This article is also available in German.
Drones easily evade traditional security measures and can quietly buzz in and around stadiums at any time, without disrupting operations, leaving many stadium managers to question whether they have unauthorized drones in the first place. When the lights are out, a drone might not be anything more than a nuisance or surveillance threat. On game day or when stadiums are in full operation, and security managers are responsible for the safety of thousands of people, a single drone can cause significant disruption and harm.
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Drones are here to stay and are only increasing in their applications and numbers in the air. PwC has estimated the total market value of drone-powered solutions at over US$127bn. The UK Civil Aviation Authority estimates that there were nearly 90,000 drone operators in the UK in 2019, many of whom have not legally registered their aircraft.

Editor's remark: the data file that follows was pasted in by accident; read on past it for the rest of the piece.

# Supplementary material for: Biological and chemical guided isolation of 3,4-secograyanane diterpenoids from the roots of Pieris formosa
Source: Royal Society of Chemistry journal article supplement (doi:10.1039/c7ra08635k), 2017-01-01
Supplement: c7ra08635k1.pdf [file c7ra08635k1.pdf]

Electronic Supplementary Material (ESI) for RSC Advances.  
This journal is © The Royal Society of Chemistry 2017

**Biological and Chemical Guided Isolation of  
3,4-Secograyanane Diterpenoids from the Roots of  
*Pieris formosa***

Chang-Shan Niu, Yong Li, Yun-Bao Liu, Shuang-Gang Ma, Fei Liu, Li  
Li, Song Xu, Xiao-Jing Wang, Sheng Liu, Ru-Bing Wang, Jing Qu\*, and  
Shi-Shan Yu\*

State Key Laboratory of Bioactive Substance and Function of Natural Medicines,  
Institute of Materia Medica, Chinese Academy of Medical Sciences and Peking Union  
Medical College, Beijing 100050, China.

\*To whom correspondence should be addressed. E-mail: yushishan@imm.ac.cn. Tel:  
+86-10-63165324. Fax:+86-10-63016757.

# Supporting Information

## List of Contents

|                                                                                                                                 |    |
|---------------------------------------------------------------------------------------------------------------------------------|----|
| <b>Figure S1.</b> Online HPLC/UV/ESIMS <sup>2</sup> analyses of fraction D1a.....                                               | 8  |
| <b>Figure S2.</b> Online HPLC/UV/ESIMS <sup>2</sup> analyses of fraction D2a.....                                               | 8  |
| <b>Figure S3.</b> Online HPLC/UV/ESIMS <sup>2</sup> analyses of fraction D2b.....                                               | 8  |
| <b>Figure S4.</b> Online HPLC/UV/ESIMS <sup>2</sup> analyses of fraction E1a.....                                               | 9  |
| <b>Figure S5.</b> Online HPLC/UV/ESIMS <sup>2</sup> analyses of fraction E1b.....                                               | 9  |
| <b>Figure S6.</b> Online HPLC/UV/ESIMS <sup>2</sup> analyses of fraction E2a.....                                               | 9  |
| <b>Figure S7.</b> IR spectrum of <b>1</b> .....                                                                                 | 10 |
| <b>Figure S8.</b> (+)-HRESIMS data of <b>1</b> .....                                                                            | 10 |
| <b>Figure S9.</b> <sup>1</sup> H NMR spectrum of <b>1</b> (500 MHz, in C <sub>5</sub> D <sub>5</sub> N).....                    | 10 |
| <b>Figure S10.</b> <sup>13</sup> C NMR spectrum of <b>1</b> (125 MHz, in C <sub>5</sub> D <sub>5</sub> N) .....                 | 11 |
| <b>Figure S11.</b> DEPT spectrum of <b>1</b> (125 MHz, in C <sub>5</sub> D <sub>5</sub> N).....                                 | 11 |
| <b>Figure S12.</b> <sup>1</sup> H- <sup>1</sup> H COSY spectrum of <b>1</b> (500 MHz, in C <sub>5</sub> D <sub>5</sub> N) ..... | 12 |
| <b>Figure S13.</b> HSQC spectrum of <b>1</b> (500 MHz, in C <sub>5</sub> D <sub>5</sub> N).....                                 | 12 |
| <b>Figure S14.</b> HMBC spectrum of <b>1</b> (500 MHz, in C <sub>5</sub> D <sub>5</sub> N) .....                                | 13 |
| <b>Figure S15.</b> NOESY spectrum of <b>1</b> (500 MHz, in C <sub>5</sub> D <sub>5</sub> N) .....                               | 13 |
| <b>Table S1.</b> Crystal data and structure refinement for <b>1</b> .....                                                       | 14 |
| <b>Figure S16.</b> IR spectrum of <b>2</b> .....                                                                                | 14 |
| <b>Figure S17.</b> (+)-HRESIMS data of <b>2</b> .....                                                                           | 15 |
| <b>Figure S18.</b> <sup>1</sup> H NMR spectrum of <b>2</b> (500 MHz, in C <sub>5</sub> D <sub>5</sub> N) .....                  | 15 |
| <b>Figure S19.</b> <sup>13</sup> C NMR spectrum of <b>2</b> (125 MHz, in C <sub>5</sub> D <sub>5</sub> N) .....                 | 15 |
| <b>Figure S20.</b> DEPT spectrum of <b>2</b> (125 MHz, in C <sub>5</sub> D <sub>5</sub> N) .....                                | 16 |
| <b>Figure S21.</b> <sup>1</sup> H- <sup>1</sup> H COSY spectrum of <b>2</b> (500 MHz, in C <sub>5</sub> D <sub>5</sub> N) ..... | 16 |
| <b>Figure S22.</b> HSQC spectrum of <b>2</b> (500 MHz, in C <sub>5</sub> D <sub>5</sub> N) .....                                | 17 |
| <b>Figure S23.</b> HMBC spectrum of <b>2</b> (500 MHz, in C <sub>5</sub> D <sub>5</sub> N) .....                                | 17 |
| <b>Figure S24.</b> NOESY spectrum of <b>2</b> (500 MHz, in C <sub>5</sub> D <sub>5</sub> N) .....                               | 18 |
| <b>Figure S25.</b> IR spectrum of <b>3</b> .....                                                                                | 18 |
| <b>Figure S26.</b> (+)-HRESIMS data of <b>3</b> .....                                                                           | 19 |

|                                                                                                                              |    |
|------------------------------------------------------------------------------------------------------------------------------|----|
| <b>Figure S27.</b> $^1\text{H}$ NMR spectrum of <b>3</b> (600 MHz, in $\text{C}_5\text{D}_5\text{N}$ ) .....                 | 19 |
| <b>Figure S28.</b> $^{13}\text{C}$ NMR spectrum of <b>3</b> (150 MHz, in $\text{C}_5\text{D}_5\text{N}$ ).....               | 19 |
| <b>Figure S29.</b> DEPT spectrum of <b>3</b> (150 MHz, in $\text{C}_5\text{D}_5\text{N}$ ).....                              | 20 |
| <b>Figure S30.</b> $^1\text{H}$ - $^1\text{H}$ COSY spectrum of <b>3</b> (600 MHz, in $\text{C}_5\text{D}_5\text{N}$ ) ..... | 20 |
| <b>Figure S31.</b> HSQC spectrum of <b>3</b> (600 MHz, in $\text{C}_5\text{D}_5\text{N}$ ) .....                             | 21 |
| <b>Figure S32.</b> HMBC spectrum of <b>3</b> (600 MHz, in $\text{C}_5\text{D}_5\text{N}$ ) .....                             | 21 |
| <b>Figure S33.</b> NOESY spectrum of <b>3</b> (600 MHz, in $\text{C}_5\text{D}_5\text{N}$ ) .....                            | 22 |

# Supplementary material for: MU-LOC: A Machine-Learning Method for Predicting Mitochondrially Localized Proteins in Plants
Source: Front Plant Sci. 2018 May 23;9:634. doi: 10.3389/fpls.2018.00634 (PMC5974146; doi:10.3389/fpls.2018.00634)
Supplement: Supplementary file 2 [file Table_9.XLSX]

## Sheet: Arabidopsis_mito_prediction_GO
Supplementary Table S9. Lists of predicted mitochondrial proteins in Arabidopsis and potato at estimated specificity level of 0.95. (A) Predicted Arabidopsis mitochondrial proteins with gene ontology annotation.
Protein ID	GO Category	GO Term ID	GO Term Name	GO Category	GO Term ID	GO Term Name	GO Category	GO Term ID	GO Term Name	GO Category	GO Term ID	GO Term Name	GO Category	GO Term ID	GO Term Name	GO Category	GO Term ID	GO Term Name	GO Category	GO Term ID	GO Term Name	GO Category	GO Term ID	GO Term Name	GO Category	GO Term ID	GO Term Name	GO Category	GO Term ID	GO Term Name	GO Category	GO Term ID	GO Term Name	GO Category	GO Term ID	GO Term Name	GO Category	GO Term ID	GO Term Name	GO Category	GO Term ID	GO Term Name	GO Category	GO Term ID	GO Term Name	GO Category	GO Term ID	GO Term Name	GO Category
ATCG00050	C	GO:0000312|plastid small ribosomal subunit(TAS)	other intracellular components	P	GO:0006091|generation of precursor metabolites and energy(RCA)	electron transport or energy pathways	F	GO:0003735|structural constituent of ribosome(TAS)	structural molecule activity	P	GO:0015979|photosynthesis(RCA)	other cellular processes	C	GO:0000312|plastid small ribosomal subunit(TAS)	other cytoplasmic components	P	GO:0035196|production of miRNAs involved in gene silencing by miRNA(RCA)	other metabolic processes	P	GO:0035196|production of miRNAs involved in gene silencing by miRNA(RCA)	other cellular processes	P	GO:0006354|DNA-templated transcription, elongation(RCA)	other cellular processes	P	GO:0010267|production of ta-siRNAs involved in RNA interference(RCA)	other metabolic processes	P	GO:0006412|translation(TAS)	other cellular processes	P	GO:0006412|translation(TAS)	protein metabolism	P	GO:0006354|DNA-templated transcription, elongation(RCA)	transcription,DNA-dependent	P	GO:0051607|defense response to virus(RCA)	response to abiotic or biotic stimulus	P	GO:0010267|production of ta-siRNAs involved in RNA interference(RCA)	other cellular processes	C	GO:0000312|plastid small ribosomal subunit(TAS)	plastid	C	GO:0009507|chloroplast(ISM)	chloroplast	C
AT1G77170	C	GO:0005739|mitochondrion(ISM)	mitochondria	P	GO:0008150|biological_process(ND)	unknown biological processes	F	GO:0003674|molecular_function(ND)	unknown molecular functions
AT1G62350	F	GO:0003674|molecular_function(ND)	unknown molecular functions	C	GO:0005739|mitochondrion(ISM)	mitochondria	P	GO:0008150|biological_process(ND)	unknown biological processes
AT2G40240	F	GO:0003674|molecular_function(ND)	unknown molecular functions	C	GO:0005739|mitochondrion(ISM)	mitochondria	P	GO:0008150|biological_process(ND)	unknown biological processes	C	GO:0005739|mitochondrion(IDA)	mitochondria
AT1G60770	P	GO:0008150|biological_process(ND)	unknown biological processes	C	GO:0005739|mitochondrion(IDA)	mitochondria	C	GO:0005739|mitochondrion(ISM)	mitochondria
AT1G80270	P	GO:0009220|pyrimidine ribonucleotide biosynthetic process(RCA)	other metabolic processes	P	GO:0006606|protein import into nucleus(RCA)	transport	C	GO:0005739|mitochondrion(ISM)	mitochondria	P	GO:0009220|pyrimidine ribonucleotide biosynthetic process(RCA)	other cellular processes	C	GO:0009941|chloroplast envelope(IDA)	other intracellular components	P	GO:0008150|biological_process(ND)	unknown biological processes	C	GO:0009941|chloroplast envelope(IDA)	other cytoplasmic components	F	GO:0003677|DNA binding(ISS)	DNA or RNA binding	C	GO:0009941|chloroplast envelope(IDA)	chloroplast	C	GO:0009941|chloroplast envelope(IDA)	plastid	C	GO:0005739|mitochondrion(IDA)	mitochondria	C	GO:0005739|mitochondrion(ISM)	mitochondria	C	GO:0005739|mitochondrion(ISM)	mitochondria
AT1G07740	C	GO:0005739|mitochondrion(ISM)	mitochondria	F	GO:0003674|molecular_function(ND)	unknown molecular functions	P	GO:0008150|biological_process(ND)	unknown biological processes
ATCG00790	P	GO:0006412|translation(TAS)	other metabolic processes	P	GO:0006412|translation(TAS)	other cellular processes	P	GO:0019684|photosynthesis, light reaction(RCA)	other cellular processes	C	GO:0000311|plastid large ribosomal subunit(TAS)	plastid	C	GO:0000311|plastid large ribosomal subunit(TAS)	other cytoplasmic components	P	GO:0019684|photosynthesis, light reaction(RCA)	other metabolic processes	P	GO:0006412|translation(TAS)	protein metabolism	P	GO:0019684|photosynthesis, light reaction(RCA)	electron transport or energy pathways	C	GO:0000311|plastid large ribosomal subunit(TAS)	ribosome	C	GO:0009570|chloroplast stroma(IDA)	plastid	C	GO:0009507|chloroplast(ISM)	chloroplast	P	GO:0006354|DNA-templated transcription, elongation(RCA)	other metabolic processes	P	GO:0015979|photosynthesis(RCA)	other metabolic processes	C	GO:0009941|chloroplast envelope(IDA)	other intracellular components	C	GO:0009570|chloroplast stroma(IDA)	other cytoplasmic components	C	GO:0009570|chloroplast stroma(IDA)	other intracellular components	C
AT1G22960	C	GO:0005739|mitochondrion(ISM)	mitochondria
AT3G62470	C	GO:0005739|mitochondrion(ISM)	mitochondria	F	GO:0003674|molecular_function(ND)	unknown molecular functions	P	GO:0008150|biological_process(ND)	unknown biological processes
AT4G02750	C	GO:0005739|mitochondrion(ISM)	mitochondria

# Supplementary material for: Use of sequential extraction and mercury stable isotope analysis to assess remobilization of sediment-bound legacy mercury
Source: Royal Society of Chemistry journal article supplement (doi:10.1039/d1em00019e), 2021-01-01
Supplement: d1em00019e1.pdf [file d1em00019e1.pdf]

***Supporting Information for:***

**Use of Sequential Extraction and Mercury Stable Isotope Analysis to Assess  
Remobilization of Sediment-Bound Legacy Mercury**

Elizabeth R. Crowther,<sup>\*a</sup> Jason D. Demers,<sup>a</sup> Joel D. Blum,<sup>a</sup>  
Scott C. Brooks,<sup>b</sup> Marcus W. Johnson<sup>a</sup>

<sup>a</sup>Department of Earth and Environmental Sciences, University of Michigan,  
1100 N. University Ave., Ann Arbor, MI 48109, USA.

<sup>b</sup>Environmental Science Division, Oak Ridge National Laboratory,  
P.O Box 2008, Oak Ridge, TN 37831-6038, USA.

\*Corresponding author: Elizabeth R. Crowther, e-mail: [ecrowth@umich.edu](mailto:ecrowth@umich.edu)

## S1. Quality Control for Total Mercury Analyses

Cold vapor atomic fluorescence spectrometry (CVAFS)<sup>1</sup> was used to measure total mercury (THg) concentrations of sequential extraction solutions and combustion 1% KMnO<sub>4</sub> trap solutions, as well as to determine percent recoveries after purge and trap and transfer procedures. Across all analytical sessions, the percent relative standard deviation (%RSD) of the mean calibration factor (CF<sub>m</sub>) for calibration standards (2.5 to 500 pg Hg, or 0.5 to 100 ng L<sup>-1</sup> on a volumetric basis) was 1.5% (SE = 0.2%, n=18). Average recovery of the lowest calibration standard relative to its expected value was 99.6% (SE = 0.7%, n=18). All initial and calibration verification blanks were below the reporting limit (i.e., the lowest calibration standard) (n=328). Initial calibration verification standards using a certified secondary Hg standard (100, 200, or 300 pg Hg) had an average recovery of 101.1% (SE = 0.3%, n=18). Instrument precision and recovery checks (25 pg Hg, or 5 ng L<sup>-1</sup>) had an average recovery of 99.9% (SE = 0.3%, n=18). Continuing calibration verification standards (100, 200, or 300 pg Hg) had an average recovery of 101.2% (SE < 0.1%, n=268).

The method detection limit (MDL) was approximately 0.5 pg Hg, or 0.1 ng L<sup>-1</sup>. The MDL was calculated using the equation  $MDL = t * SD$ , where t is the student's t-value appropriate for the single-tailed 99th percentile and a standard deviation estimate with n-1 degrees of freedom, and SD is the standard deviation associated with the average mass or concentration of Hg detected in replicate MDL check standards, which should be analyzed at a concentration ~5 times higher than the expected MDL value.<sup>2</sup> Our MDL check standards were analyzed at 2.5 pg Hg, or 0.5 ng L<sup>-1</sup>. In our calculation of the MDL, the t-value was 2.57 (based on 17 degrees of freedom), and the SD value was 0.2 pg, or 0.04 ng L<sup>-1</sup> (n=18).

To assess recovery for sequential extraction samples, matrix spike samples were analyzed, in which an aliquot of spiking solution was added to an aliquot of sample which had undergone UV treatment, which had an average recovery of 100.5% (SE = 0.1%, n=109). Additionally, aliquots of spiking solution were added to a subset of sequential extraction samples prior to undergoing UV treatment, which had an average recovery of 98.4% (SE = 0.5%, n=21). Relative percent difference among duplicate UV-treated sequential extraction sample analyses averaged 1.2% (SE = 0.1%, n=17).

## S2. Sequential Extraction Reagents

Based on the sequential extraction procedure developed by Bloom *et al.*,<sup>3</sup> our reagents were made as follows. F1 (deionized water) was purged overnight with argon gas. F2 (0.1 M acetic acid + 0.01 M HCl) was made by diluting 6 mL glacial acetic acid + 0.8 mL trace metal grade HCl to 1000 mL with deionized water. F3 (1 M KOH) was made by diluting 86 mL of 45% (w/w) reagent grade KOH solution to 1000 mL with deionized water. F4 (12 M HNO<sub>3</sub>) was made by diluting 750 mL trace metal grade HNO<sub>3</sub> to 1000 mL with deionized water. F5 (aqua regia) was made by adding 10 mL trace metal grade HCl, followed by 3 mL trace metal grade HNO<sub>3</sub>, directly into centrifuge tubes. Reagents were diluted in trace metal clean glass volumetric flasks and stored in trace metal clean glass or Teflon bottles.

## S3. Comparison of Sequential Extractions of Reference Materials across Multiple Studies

Even if every drone pilot were compliant with local registration regulations, there would still be many noncompliant pilots or pilots looking to evade registration. Look at five examples of how drones have recently disrupted stadium operations:
Global security leaders, including the European Commission and World Economic Forum, highlight how drones are an easy vehicle for terrorists to cause harm to stadiums and large gatherings. These examples are just the beginning of the stories of drones coming to stadiums, and Dedrone documents publicly announced drone incursions here in our global database.
For stadiums who have not experienced a drone incursion, is anecdotal evidence of an airspace threat enough to warrant further investigation? Our latest webinar, featuring Threat Management Group, explores this topic further, and the recording is available here.
In the next part of this two-part series on stadium airspace security we’ll explore how stadium managers can get started to answer some important questions about their vulnerability to airspace incursions.